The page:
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Damage effect of high-intensity focused ultrasound on breast cancer tissues and their vascularities

Overview of attention for article published in World Journal of Surgical Oncology, January 2016
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Title
Damage effect of high-intensity focused ultrasound on breast cancer tissues and their vascularities
Published in
World Journal of Surgical Oncology, January 2016
DOI 10.1186/s12957-016-0908-3
Pubmed ID
Authors

Guan, Liming, Xu, Gang, Liming Guan, Gang Xu

Abstract

High-intensity focused ultrasound (HIFU) is a noninvasive therapy that makes entire coagulative necrosis of a tumor in deep tissue through the intact skin. There are many reports about the HIFU's efficacy in the treatment of patients with breast cancer, but randomized clinical trials are rare which emphasize on the systematic assessment of histological changes in the ablated tumor vascularities, while clinical trials utilizing bevacizumab and other anti-angiogenic drugs in breast cancer have not demonstrated overall survival benefit. The purpose of this study is to evaluate the damage effect of HIFU on breast cancer tissues and their vascularities. Randomized clinical trials and the modality of treat-and-resect protocols were adopted. The treated outcome of all patients was followed up in this study. The target lesions of 25 breast cancer patients treated by HIFU were observed after autopsy. One slide was used for hematoxylin-eosin (HE) staining, one slide was used for elastic fiber staining by Victoria blue and Ponceau's histochemical staining, and one slide was used for vascular endothelial cell immunohistochemical staining with biotinylated-ulex europaeus agglutinin I (UEAI); all three slides were observed under an optical microscopic. One additional slide was systematically observed by electron microscopy. The average follow-up time was 12 months; no local recurrence or a distant metastatic lesion was detected among treated patients. Histological examination of the HE slides indicated that HIFU caused coagulative necrosis in the tumor tissues and their vascularities: all feeder vessels less than 2 mm in diameter in the insonated tumor were occluded, the vascular elasticity provided by fibrin was lost, the cells were disordered and delaminated, and UEAI staining of the target lesions was negative. Immediately after HIFU irradiation, the tumor capillary ultrastructure was destroyed, the capillary endothelium was disintegrated, the peritubular cells were cavitated, and the plasma membrane was incomplete. HIFU ablation can destroy all proliferating tumor cells and their growing vascularities simultaneously; this may break interdependent vicious cycle of tumor angiogenesis and neoplastic cell growth that results in infinite proliferation. While it cannot cause tumor resistance to HIFU ablation, it may be a new anti-angiogenic strategy that needs further clinical observation and exploration. Furthermore, the treatment indications of HIFU ablation were reviewed and discussed in this manuscript.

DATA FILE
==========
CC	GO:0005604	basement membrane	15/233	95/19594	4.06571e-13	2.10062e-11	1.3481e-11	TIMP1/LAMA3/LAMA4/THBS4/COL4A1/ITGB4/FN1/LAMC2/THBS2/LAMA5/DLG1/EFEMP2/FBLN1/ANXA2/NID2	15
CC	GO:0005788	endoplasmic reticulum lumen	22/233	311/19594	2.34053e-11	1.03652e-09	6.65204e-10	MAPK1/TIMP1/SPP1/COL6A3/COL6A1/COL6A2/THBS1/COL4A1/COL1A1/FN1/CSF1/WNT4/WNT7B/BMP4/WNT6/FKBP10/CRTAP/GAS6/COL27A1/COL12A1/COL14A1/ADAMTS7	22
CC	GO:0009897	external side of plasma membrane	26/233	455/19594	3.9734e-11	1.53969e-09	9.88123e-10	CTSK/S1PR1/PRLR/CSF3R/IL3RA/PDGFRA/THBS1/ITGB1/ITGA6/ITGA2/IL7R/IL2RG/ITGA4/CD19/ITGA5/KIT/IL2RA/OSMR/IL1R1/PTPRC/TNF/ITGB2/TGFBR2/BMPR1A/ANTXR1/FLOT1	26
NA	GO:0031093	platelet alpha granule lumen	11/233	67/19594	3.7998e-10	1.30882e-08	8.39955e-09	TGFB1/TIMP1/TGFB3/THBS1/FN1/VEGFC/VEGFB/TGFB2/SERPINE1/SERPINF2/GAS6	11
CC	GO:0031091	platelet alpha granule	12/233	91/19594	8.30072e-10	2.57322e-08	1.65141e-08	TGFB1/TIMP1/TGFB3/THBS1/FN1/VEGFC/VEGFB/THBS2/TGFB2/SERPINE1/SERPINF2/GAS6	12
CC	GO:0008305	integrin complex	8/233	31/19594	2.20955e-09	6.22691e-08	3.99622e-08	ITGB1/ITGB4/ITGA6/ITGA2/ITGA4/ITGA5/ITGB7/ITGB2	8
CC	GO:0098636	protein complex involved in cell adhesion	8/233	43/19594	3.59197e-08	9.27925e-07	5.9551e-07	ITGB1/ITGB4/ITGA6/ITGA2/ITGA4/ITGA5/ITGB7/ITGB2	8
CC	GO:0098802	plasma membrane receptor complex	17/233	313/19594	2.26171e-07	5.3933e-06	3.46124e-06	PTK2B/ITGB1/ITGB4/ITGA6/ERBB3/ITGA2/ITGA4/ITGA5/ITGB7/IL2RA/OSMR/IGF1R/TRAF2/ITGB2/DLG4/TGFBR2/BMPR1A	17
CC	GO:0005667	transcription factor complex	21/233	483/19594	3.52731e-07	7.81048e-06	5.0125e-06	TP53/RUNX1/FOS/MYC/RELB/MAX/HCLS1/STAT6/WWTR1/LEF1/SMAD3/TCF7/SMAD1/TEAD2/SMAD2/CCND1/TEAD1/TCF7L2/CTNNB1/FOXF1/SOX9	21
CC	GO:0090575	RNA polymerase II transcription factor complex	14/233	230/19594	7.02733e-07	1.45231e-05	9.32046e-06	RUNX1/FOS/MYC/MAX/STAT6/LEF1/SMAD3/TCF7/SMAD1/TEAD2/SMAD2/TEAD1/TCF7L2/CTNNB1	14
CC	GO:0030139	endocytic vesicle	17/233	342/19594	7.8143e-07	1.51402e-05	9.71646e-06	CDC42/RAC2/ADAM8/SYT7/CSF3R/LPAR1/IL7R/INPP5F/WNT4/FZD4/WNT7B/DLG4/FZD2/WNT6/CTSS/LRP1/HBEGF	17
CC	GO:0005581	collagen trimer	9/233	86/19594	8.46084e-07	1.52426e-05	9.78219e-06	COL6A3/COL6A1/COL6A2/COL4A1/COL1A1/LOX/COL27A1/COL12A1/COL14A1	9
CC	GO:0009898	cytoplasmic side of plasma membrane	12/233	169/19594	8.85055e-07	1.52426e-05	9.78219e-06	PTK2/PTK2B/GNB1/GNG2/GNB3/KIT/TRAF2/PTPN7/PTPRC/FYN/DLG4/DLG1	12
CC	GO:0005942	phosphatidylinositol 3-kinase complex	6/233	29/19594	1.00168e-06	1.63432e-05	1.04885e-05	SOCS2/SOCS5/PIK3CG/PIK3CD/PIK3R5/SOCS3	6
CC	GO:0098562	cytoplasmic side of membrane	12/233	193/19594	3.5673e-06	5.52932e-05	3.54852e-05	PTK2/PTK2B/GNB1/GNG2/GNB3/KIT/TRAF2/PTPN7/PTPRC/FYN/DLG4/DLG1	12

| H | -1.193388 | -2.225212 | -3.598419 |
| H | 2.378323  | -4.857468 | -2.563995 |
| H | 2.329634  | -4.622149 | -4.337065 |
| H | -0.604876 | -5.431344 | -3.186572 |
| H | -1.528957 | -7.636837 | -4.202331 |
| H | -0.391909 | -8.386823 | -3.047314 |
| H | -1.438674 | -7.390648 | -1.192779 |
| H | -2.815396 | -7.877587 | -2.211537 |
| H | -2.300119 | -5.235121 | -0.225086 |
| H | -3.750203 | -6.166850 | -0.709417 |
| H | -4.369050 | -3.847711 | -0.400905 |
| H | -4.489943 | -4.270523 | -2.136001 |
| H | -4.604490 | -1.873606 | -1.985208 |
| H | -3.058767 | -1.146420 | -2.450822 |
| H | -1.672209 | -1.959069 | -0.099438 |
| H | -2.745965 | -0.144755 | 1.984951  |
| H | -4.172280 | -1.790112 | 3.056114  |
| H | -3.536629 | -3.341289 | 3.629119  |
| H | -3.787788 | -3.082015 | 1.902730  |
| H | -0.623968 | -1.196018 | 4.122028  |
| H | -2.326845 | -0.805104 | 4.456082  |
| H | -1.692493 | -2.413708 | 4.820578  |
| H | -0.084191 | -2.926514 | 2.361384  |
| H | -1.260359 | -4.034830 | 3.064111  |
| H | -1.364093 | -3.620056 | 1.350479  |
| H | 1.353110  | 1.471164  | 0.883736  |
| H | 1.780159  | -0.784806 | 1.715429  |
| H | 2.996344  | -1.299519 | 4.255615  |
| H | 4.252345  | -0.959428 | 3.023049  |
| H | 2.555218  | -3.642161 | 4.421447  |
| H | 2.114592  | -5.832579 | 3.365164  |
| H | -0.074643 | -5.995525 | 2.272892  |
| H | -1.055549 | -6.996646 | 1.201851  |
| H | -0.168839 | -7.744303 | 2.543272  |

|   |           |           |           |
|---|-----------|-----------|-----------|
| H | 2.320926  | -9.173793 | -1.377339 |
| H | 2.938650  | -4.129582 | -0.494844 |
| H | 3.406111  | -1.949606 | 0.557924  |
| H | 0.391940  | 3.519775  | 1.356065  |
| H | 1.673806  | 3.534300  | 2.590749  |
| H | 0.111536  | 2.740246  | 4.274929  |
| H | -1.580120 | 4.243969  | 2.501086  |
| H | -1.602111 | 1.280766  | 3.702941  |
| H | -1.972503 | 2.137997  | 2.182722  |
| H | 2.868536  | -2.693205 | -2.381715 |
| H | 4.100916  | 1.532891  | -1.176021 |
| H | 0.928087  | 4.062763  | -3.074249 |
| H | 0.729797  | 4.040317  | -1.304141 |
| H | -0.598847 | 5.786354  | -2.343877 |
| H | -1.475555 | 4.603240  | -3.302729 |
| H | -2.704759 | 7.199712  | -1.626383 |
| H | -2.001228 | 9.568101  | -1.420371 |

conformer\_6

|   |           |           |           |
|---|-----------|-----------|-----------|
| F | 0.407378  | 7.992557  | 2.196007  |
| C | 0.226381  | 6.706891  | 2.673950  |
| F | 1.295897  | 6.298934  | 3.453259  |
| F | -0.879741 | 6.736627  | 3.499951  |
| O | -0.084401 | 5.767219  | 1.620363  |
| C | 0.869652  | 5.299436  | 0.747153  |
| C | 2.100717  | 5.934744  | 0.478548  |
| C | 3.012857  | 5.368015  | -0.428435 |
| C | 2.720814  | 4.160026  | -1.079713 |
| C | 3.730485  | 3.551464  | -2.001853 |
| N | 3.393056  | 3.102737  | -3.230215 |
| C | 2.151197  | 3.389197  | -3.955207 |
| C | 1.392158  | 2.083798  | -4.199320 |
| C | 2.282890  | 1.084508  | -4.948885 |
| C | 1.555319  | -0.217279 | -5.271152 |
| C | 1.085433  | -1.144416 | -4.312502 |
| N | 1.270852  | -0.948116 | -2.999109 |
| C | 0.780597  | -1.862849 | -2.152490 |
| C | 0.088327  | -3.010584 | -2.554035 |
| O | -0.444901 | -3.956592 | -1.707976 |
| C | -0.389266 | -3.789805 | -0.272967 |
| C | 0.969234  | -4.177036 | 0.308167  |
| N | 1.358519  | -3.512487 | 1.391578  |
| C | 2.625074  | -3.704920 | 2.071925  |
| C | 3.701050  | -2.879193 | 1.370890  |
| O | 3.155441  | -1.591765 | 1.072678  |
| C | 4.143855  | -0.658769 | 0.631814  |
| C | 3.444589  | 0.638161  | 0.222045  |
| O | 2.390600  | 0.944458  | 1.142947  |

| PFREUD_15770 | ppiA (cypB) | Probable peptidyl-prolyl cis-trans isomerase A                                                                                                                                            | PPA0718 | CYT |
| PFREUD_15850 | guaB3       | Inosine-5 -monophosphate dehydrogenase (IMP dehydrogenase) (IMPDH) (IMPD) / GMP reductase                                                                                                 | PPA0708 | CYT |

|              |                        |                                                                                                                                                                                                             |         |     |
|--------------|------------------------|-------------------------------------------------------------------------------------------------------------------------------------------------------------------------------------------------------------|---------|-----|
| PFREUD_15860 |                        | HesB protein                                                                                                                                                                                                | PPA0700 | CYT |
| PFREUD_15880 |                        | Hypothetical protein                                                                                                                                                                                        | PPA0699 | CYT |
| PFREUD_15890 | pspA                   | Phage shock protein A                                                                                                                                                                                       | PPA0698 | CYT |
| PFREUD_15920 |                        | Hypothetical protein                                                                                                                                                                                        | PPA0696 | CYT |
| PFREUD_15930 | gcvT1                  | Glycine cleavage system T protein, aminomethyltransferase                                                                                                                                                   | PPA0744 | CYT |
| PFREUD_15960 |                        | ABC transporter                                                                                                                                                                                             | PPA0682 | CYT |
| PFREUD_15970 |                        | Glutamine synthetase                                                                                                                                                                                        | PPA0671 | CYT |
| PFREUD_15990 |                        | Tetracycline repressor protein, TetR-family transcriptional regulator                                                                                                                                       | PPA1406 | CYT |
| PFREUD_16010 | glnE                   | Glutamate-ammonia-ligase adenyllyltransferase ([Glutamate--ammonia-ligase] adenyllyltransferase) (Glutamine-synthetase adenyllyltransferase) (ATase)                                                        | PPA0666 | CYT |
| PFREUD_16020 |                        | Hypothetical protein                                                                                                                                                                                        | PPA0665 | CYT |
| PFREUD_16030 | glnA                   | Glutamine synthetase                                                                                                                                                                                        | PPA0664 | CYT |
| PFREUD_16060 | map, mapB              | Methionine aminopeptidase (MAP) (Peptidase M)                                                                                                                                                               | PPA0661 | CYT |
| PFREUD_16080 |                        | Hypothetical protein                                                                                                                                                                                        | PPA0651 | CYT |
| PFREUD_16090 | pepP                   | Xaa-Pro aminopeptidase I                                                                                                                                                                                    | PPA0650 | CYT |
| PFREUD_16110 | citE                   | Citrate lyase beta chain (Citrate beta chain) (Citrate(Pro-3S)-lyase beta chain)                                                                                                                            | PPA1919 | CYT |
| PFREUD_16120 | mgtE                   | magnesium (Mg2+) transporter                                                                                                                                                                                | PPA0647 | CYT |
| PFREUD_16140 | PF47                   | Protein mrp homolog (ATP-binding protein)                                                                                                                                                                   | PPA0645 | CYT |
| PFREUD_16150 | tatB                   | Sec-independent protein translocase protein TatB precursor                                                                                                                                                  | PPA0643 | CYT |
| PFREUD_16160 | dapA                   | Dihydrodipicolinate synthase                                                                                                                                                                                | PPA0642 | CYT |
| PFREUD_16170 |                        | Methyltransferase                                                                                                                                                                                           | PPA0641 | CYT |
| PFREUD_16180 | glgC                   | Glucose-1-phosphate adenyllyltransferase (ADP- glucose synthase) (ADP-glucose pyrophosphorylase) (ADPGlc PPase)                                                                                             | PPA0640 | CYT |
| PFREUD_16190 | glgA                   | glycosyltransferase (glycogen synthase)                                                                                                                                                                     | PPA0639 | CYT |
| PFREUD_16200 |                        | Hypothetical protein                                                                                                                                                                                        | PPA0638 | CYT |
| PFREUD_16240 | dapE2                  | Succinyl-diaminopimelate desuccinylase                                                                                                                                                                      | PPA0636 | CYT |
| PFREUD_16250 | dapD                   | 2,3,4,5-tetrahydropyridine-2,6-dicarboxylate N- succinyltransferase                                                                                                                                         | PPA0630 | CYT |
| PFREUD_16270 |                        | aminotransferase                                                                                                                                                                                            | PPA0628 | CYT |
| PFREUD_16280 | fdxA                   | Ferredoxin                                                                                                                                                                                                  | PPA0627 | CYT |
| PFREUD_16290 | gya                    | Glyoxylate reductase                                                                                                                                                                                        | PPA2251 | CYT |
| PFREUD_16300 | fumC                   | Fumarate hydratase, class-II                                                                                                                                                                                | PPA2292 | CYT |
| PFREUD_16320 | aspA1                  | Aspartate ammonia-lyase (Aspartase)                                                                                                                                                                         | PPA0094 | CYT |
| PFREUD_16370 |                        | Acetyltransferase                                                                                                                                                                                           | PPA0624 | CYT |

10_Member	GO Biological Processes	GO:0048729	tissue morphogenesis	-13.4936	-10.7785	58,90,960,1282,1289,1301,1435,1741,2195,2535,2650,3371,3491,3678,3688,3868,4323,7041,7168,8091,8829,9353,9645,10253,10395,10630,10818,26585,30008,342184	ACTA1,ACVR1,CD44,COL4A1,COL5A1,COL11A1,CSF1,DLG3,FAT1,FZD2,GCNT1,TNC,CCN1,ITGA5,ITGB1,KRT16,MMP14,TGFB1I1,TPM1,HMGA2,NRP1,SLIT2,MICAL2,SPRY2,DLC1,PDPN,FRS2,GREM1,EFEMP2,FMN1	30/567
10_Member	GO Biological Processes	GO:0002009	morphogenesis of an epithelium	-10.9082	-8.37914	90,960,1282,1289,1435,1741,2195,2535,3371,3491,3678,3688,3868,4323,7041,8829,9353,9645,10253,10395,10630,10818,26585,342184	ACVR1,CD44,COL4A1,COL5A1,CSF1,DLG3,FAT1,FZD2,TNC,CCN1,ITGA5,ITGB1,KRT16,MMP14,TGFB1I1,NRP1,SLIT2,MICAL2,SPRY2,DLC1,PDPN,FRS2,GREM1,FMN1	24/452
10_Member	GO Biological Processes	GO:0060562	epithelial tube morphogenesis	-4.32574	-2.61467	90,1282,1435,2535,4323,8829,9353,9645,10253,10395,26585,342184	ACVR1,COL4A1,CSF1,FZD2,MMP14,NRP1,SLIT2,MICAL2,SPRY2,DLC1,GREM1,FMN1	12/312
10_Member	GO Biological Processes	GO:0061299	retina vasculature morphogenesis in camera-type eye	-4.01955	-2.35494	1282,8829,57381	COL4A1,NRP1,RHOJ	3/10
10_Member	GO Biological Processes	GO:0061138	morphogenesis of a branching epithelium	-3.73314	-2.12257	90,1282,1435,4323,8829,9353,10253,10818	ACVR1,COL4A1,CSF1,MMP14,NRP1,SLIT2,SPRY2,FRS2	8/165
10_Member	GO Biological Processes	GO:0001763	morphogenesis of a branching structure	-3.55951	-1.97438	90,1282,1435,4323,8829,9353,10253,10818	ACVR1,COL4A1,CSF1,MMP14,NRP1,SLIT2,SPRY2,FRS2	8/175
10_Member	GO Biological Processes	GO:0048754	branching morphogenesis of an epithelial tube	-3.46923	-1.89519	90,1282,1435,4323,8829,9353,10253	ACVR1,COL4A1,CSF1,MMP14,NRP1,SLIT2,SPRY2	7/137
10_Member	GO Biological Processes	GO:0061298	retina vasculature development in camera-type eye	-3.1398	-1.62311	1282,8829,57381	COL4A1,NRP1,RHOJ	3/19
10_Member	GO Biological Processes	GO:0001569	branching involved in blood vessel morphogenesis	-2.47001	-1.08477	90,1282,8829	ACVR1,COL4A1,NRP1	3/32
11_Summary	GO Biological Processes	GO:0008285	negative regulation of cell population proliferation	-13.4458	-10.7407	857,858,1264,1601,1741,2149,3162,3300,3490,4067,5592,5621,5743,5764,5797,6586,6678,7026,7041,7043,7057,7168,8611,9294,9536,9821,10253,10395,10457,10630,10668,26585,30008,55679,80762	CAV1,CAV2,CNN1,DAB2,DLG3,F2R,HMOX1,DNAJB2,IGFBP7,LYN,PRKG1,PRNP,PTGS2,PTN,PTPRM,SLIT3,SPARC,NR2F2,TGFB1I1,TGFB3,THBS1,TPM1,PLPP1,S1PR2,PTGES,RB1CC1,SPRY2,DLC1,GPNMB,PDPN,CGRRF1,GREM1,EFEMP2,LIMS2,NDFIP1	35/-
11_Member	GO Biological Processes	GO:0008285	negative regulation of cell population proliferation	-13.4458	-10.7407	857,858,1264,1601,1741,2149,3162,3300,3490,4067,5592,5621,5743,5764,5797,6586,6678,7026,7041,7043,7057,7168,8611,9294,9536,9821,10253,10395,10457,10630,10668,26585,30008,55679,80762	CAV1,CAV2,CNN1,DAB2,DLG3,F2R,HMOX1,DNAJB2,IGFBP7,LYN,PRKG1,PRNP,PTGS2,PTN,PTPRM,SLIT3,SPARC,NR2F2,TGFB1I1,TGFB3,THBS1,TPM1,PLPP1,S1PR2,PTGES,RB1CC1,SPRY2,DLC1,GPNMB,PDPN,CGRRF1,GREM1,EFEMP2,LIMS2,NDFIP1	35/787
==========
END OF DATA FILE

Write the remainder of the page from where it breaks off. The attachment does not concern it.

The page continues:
Twitter Demographics

The data shown below were collected from the profiles of 2 tweeters who shared this research output. Click here to find out more about how the information was compiled.

Mendeley readers

The data shown below were compiled from readership statistics for 93 Mendeley readers of this research output. Click here to see the associated Mendeley record.

Geographical breakdown

Country Count As %
Unknown 93 100%

Demographic breakdown

Readers by professional status Count As %
Student > Master 18 19%
Student > Ph. D. Student 14 15%
Student > Bachelor 12 13%
Researcher 10 11%
Student > Postgraduate 5 5%
Other 13 14%
Unknown 21 23%
Readers by discipline Count As %
Medicine and Dentistry 19 20%
Engineering 14 15%
Biochemistry, Genetics and Molecular Biology 9 10%
Agricultural and Biological Sciences 5 5%
Nursing and Health Professions 4 4%
Other 15 16%
Unknown 27 29%

Attention Score in Context

This research output has an Altmetric Attention Score of 1. This is our high-level measure of the quality and quantity of online attention that it has received. This Attention Score, as well as the ranking and number of research outputs shown below, was calculated when the research output was last mentioned on 30 May 2016.
All research outputs
#5,661,456
of 7,831,397 outputs
Outputs from World Journal of Surgical Oncology
#471
of 1,219 outputs
Outputs of similar age
#172,468
of 269,174 outputs
Outputs of similar age from World Journal of Surgical Oncology
#6
of 33 outputs
Altmetric has tracked 7,831,397 research outputs across all sources so far. This one is in the 24th percentile – i.e., 24% of other outputs scored the same or lower than it.
So far Altmetric has tracked 1,219 research outputs from this source. They receive a mean Attention Score of 1.3. This one has gotten more attention than average, scoring higher than 51% of its peers.
Older research outputs will score higher simply because they've had more time to accumulate mentions. To account for age we can compare this Altmetric Attention Score to the 269,174 tracked outputs that were published within six weeks on either side of this one in any source. This one is in the 30th percentile – i.e., 30% of its contemporaries scored the same or lower than it.
We're also able to compare this research output to 33 others from the same source and published within six weeks on either side of this one. This one has done well, scoring higher than 78% of its contemporaries.